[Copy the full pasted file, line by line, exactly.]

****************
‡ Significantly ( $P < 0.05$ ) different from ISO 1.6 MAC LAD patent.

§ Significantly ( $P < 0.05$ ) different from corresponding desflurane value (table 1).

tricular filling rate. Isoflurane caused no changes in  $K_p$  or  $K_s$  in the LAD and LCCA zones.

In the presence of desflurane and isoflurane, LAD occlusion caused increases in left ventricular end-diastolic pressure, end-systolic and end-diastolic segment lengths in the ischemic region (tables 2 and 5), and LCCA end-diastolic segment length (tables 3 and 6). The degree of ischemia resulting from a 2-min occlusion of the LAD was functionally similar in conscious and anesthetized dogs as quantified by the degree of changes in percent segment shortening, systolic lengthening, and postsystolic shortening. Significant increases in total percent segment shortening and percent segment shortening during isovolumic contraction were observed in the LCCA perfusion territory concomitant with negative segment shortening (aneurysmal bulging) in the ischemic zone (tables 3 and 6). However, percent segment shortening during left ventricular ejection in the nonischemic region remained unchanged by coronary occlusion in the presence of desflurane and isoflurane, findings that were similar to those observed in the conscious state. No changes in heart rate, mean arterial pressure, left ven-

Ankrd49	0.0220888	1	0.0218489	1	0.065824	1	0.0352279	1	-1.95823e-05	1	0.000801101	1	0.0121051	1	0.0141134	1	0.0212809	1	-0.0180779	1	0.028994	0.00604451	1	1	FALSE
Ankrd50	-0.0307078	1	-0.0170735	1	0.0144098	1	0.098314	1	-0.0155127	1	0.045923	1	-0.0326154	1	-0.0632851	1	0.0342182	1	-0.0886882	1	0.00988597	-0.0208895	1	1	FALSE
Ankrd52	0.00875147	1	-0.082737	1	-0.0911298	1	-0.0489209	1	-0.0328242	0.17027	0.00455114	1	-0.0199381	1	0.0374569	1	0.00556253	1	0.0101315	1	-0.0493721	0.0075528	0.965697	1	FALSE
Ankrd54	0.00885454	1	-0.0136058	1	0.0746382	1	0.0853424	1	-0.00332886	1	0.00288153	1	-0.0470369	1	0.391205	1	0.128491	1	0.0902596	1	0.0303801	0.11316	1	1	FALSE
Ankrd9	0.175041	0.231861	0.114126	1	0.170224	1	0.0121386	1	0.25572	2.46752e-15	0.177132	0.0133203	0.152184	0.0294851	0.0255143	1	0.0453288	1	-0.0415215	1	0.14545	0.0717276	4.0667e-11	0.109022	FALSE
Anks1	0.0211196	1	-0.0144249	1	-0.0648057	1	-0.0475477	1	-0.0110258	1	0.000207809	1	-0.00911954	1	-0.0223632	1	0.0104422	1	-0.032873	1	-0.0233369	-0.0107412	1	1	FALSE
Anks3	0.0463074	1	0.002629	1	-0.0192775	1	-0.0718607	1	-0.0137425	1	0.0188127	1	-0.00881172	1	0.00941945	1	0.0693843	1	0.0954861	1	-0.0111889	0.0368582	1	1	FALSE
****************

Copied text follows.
‡ Significantly ( $P < 0.05$ ) different from ISO 1.6 MAC LAD patent.

§ Significantly ( $P < 0.05$ ) different from corresponding desflurane value (table 1).

tricular filling rate. Isoflurane caused no changes in  $K_p$  or  $K_s$  in the LAD and LCCA zones.

In the presence of desflurane and isoflurane, LAD occlusion caused increases in left ventricular end-diastolic pressure, end-systolic and end-diastolic segment lengths in the ischemic region (tables 2 and 5), and LCCA end-diastolic segment length (tables 3 and 6). The degree of ischemia resulting from a 2-min occlusion of the LAD was functionally similar in conscious and anesthetized dogs as quantified by the degree of changes in percent segment shortening, systolic lengthening, and postsystolic shortening. Significant increases in total percent segment shortening and percent segment shortening during isovolumic contraction were observed in the LCCA perfusion territory concomitant with negative segment shortening (aneurysmal bulging) in the ischemic zone (tables 3 and 6). However, percent segment shortening during left ventricular ejection in the nonischemic region remained unchanged by coronary occlusion in the presence of desflurane and isoflurane, findings that were similar to those observed in the conscious state. No changes in heart rate, mean arterial pressure, left ven-

Ankrd49	0.0220888	1	0.0218489	1	0.065824	1	0.0352279	1	-1.95823e-05	1	0.000801101	1	0.0121051	1	0.0141134	1	0.0212809	1	-0.0180779	1	0.028994	0.00604451	1	1	FALSE
Ankrd50	-0.0307078	1	-0.0170735	1	0.0144098	1	0.098314	1	-0.0155127	1	0.045923	1	-0.0326154	1	-0.0632851	1	0.0342182	1	-0.0886882	1	0.00988597	-0.0208895	1	1	FALSE
Ankrd52	0.00875147	1	-0.082737	1	-0.0911298	1	-0.0489209	1	-0.0328242	0.17027	0.00455114	1	-0.0199381	1	0.0374569	1	0.00556253	1	0.0101315	1	-0.0493721	0.0075528	0.965697	1	FALSE
Ankrd54	0.00885454	1	-0.0136058	1	0.0746382	1	0.0853424	1	-0.00332886	1	0.00288153	1	-0.0470369	1	0.391205	1	0.128491	1	0.0902596	1	0.0303801	0.11316	1	1	FALSE
Ankrd9	0.175041	0.231861	0.114126	1	0.170224	1	0.0121386	1	0.25572	2.46752e-15	0.177132	0.0133203	0.152184	0.0294851	0.0255143	1	0.0453288	1	-0.0415215	1	0.14545	0.0717276	4.0667e-11	0.109022	FALSE
Anks1	0.0211196	1	-0.0144249	1	-0.0648057	1	-0.0475477	1	-0.0110258	1	0.000207809	1	-0.00911954	1	-0.0223632	1	0.0104422	1	-0.032873	1	-0.0233369	-0.0107412	1	1	FALSE
Anks3	0.0463074	1	0.002629	1	-0.0192775	1	-0.0718607	1	-0.0137425	1	0.0188127	1	-0.00881172	1	0.00941945	1	0.0693843	1	0.0954861	1	-0.0111889	0.0368582	1	1	FALSE